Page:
NYPD detective Kat Donovan hasn't had a meaningful relationship since the love of her life walked out on her eighteen years ago. She seems to spend a lot of time brooding, not only about her long-lost love, but also about the death of her father, a cop who was shot to death at virtually the same time. The man who confessed to killing her father is now dying in prison and Kat is hoping against hope that the man will finally explain why he pulled the trigger and who ordered the hit.
To cheer her up and to get some romance back in her life, Kat's best friend secretly enrolls her on an online dating site. (This hardly seems like something any sort of friend would do to a person, but the plot depends on it.) Rather than being angered by her "friend's" temerity, Kat logs onto the site and --lo and behold!!, miracle of miracles!!--practically the first face she sees is that of Jeff, the lover who abandoned her all those years ago. Jeff is now, conveniently, a widower who is thus available again.
Kat sends him a message, referencing their favorite song, which just happens to be "Missing You," by John Waite, and then sits on pins and needles, waiting for a response. When it comes, Jeff appears not to remember her, which crushes Kat. She sends him another message, identifying herself, and Jeff replies telling her that the past is past, and she should just leave him alone.
Something doesn't seem quite right, and so Kat begins to investigate and stumbles onto an Internet dating scam where innocent victims are going of on dates with people they met online and are never heard from again. And--horror of horrors!--Kat's old boyfriend seems to be right in the middle of the scam.
Meanwhile, Kat bursts into the prison hospital and confronts the man who confessed to killing her father, but the visit leaves her more confused than ever. Her superiors tell her to let it rest and stop torturing herself, but of course, she's not going to do that.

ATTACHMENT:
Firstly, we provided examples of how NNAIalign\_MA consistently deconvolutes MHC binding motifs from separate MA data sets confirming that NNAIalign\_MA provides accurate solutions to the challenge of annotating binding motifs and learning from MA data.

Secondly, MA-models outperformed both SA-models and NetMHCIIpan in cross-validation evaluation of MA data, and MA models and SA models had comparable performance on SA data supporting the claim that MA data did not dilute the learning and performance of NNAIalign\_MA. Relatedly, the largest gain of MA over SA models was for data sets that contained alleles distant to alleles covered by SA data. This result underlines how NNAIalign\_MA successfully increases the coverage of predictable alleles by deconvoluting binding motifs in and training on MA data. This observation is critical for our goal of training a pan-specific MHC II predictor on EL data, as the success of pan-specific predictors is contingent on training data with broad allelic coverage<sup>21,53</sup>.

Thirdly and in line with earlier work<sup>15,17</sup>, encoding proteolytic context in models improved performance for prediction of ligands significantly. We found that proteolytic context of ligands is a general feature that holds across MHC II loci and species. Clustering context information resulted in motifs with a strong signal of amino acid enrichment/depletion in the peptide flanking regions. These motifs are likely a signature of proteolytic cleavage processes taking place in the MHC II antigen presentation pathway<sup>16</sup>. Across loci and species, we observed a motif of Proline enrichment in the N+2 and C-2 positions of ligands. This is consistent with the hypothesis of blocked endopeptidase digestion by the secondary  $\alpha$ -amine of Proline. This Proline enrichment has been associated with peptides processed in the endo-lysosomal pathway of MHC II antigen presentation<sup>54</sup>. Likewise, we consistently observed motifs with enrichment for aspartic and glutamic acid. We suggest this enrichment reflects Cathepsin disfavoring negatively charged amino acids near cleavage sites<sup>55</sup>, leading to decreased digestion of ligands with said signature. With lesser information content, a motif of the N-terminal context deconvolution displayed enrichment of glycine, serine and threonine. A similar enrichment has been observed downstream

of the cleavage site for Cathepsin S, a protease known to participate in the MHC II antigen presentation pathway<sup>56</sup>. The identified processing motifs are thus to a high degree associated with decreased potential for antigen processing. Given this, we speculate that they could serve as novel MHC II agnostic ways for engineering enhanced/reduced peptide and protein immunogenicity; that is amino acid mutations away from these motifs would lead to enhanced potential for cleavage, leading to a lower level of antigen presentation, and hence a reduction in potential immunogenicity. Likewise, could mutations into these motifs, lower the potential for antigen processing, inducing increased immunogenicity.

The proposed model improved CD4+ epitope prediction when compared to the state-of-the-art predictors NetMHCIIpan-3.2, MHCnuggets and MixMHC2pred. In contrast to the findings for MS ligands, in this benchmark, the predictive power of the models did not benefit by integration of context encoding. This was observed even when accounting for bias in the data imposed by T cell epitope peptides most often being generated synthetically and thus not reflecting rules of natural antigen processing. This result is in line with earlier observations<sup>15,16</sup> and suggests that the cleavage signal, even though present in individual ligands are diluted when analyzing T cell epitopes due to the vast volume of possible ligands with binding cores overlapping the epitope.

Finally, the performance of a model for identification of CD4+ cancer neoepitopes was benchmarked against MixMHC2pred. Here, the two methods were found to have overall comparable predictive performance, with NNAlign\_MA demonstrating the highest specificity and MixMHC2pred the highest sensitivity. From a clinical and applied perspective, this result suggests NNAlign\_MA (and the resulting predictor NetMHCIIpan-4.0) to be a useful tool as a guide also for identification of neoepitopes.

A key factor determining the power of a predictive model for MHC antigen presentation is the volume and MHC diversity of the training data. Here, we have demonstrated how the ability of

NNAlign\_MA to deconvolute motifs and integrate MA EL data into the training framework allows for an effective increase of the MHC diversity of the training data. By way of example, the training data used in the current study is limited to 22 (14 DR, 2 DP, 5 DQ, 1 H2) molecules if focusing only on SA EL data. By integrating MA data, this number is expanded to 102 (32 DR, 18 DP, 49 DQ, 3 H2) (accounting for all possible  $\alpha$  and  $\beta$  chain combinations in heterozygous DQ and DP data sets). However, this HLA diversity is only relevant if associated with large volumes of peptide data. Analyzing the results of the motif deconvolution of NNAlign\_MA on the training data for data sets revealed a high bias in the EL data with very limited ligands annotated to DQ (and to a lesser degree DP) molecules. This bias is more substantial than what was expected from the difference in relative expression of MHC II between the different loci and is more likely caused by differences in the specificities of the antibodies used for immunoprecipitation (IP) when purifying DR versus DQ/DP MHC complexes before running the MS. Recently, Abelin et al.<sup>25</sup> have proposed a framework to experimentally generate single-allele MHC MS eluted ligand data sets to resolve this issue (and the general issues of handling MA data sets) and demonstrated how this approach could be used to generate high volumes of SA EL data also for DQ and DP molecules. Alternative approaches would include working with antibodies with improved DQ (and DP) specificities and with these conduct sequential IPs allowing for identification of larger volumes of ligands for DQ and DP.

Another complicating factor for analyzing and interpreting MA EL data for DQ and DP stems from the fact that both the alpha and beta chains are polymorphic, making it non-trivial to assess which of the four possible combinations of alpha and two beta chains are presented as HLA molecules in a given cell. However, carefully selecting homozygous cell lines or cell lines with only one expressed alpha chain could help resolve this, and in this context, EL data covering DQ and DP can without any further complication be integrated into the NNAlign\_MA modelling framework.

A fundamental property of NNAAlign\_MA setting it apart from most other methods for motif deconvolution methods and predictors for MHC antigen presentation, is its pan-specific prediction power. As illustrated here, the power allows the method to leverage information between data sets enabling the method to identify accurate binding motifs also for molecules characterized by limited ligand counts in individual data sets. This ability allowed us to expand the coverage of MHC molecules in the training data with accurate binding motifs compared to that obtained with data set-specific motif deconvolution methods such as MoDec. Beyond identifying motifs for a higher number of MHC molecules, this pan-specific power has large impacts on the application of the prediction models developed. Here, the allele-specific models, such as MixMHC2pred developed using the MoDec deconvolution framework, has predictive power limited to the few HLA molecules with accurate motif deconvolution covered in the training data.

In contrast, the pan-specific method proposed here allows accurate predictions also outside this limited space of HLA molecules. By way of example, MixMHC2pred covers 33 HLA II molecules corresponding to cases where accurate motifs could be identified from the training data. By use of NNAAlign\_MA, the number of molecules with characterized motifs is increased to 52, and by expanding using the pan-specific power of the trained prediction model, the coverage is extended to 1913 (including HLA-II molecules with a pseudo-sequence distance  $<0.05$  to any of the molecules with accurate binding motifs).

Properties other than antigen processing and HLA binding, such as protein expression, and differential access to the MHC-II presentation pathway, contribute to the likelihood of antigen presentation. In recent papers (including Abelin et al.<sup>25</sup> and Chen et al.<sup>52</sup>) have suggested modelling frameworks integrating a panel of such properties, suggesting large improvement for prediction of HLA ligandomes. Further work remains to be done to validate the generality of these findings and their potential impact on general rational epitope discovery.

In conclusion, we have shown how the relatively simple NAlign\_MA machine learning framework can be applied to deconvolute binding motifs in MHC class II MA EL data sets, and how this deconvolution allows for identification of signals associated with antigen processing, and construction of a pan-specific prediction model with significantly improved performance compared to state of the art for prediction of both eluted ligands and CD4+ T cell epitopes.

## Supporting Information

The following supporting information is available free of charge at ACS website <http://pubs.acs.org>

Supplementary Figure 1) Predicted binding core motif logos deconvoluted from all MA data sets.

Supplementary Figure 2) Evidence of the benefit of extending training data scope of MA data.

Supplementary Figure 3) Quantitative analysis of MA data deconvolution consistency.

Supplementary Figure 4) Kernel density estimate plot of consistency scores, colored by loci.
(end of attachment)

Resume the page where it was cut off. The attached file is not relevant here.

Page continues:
As the book progresses, Kat divides her attention between the two great mysteries of her life, trying to resolve at least one, if not both of them. It's going to be a very dangerous ride, and, as is usually the case in a Harlan Coben novel, the reader will be virtually whipsawed by all of the violent twists and turns that the novel takes.
It's not a bad way to spend a few hours, but there's really no reason to combine these two very disparate plot ideas into one book. As Kat veers back and forth between the two investigations, the book tends to lose momentum every time we switch from one to the other. My other concern, which is not unique to this novel, is that Coben ultimately tosses in one last plot twist that simply takes the whole thing over the top. It's clear that he enjoys doing this sort of thing, and apparently a lot of his readers enjoy it too, but for me it's a twist too far and inevitably leaves me a bit disgruntled every time I finish one these novels.
It's an okay read, but to my mind it would have been a lot better if Coben had focused on one or the other of the two main plot lines and if he had resisted the urge to throw in the final twist.